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African farmers learn about Vietnamese rice farming

Update: June, 27/2008 - 00:00

African farmers learn about Vietnamese rice farming


AN GIANG — After achieving success with a farming programme in Sierra Leone, local agronomists plan to train African farmers in cultivation techniques to grow a strain of Vietnamese rice.

Vo Tong Xuan, rector of An Giang University, and several agronomists are now in Nigeria and Ghana for a feasibility survey to expand rice cultivation across Africa.

The effort is being done at the request of a company from England, which asked the Vietnamese scientists to research the situation in the two countries after learning about the programme in Sierra Leone that began 10 months ago.

With the cultivation of Vietnamese rice, yields doubled or tripled compared with native strains in Sierra Leone.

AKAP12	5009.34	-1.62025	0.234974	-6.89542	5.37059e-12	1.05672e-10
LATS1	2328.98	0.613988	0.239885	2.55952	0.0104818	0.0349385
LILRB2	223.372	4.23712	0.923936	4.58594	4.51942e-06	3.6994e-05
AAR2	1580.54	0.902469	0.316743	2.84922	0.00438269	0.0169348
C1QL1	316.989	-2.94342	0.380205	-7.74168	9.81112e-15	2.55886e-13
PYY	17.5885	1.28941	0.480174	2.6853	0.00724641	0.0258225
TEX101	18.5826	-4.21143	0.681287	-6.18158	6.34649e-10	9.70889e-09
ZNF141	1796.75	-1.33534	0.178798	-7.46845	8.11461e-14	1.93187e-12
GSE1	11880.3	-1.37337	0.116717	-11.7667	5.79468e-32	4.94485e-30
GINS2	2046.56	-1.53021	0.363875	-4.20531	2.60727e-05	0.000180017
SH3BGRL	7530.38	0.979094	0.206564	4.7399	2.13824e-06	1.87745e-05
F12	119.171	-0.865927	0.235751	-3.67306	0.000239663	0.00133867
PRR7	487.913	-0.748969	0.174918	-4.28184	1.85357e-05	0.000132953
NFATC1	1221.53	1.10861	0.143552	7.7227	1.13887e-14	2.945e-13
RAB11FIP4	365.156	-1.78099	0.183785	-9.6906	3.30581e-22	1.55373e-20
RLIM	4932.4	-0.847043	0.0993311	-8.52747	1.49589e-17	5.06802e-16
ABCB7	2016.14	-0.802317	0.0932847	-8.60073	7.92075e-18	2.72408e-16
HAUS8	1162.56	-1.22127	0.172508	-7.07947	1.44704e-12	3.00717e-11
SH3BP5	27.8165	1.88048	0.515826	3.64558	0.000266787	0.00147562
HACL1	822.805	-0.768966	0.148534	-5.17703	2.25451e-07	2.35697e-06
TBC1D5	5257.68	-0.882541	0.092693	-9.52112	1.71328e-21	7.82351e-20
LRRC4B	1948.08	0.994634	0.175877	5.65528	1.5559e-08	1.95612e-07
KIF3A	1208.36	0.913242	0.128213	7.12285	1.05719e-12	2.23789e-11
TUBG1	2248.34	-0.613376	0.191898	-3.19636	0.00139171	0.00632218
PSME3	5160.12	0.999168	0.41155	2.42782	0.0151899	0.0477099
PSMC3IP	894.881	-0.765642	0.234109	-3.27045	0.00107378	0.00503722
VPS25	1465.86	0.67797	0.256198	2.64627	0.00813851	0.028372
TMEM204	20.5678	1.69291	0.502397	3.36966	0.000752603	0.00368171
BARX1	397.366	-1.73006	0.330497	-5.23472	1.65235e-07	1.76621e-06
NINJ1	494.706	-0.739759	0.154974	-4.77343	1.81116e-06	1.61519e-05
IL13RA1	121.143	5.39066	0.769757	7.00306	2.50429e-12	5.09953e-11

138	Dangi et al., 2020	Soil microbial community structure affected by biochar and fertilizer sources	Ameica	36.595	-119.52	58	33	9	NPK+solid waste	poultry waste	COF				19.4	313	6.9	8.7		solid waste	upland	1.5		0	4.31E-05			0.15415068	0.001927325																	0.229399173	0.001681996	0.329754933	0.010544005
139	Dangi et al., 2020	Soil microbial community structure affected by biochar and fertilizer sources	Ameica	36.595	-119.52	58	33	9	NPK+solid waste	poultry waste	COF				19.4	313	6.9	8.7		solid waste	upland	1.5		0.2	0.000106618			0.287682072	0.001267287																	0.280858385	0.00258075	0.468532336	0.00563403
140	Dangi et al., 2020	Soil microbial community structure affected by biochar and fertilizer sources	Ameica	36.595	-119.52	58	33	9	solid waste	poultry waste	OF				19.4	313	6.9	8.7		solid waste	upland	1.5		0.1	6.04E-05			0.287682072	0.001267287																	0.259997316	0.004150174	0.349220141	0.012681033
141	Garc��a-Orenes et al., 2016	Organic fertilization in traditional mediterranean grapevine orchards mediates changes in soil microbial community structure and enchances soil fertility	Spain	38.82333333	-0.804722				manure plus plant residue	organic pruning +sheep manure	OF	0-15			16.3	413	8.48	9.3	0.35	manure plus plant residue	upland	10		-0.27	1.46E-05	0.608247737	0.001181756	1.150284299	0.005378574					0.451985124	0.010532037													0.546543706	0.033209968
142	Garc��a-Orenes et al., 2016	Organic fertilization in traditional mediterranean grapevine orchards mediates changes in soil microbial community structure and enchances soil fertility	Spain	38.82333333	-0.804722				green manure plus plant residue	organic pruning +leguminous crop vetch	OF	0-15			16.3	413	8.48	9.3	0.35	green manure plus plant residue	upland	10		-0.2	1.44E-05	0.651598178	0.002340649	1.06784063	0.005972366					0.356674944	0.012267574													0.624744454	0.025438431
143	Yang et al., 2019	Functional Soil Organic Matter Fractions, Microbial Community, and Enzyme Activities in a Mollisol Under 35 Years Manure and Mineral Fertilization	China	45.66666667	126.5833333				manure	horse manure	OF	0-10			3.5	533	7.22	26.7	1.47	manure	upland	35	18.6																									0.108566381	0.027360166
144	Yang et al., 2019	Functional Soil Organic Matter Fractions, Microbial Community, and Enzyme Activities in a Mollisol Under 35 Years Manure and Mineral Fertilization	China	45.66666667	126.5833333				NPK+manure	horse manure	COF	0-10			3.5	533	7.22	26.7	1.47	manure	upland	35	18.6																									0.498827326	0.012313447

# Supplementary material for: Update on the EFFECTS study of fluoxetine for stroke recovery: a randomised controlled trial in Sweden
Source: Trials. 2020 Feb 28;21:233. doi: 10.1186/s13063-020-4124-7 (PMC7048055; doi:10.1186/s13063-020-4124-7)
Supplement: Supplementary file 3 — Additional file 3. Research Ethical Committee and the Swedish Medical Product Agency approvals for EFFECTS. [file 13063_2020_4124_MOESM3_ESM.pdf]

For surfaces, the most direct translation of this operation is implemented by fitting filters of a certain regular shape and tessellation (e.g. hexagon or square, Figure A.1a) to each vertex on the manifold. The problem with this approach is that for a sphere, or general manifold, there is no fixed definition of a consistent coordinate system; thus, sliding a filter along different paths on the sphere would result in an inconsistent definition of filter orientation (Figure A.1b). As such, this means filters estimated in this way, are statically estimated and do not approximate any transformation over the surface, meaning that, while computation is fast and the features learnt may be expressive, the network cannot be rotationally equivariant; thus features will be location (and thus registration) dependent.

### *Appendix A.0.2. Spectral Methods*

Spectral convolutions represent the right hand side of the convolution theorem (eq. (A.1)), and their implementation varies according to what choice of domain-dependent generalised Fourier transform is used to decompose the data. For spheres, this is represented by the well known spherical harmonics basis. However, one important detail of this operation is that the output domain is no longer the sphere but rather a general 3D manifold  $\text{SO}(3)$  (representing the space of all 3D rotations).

Professor Vo Tong Xuan said although there were no ploughing machines the group had successfully cultivated two crops a year.

Productivity was more than four tonnes a hectare compared to the previous one tonne per ha.

Xuan added that the agronomists were storing three tonnes of seed rice for sowing on land, which is similar to the soil in Viet Nam’s Mekong Delta region.

A group of farmers in the Mekong Delta will be invited to Africa to train local farmers in irrigation and cultivation techniques.

Each Vietnamese farmer will be assigned to help four local farmers who will cultivate rice on five hectares of paddy.

The programme aims to help countries in Africa overcome food shortages. — VNS

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